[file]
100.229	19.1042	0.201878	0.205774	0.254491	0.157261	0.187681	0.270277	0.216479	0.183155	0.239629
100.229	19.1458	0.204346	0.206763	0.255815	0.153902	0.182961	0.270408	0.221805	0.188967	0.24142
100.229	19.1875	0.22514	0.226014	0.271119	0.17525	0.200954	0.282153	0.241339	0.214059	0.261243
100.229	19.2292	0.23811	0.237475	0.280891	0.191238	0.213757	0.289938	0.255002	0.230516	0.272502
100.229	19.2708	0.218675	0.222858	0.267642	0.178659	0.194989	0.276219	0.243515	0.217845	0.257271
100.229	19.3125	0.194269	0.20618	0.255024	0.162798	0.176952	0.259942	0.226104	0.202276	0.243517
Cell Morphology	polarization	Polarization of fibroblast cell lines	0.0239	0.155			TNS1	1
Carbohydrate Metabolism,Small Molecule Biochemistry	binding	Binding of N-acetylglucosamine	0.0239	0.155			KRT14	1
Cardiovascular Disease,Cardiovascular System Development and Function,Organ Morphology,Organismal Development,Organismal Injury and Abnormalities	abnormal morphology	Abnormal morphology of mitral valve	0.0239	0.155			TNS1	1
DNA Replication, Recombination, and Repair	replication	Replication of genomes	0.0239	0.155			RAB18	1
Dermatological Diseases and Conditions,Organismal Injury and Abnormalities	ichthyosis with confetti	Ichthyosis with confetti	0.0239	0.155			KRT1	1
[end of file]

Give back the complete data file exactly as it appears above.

100.229	19.1042	0.201878	0.205774	0.254491	0.157261	0.187681	0.270277	0.216479	0.183155	0.239629
100.229	19.1458	0.204346	0.206763	0.255815	0.153902	0.182961	0.270408	0.221805	0.188967	0.24142
100.229	19.1875	0.22514	0.226014	0.271119	0.17525	0.200954	0.282153	0.241339	0.214059	0.261243
100.229	19.2292	0.23811	0.237475	0.280891	0.191238	0.213757	0.289938	0.255002	0.230516	0.272502
100.229	19.2708	0.218675	0.222858	0.267642	0.178659	0.194989	0.276219	0.243515	0.217845	0.257271
100.229	19.3125	0.194269	0.20618	0.255024	0.162798	0.176952	0.259942	0.226104	0.202276	0.243517
Cell Morphology	polarization	Polarization of fibroblast cell lines	0.0239	0.155			TNS1	1
Carbohydrate Metabolism,Small Molecule Biochemistry	binding	Binding of N-acetylglucosamine	0.0239	0.155			KRT14	1
Cardiovascular Disease,Cardiovascular System Development and Function,Organ Morphology,Organismal Development,Organismal Injury and Abnormalities	abnormal morphology	Abnormal morphology of mitral valve	0.0239	0.155			TNS1	1
DNA Replication, Recombination, and Repair	replication	Replication of genomes	0.0239	0.155			RAB18	1
Dermatological Diseases and Conditions,Organismal Injury and Abnormalities	ichthyosis with confetti	Ichthyosis with confetti	0.0239	0.155			KRT1	1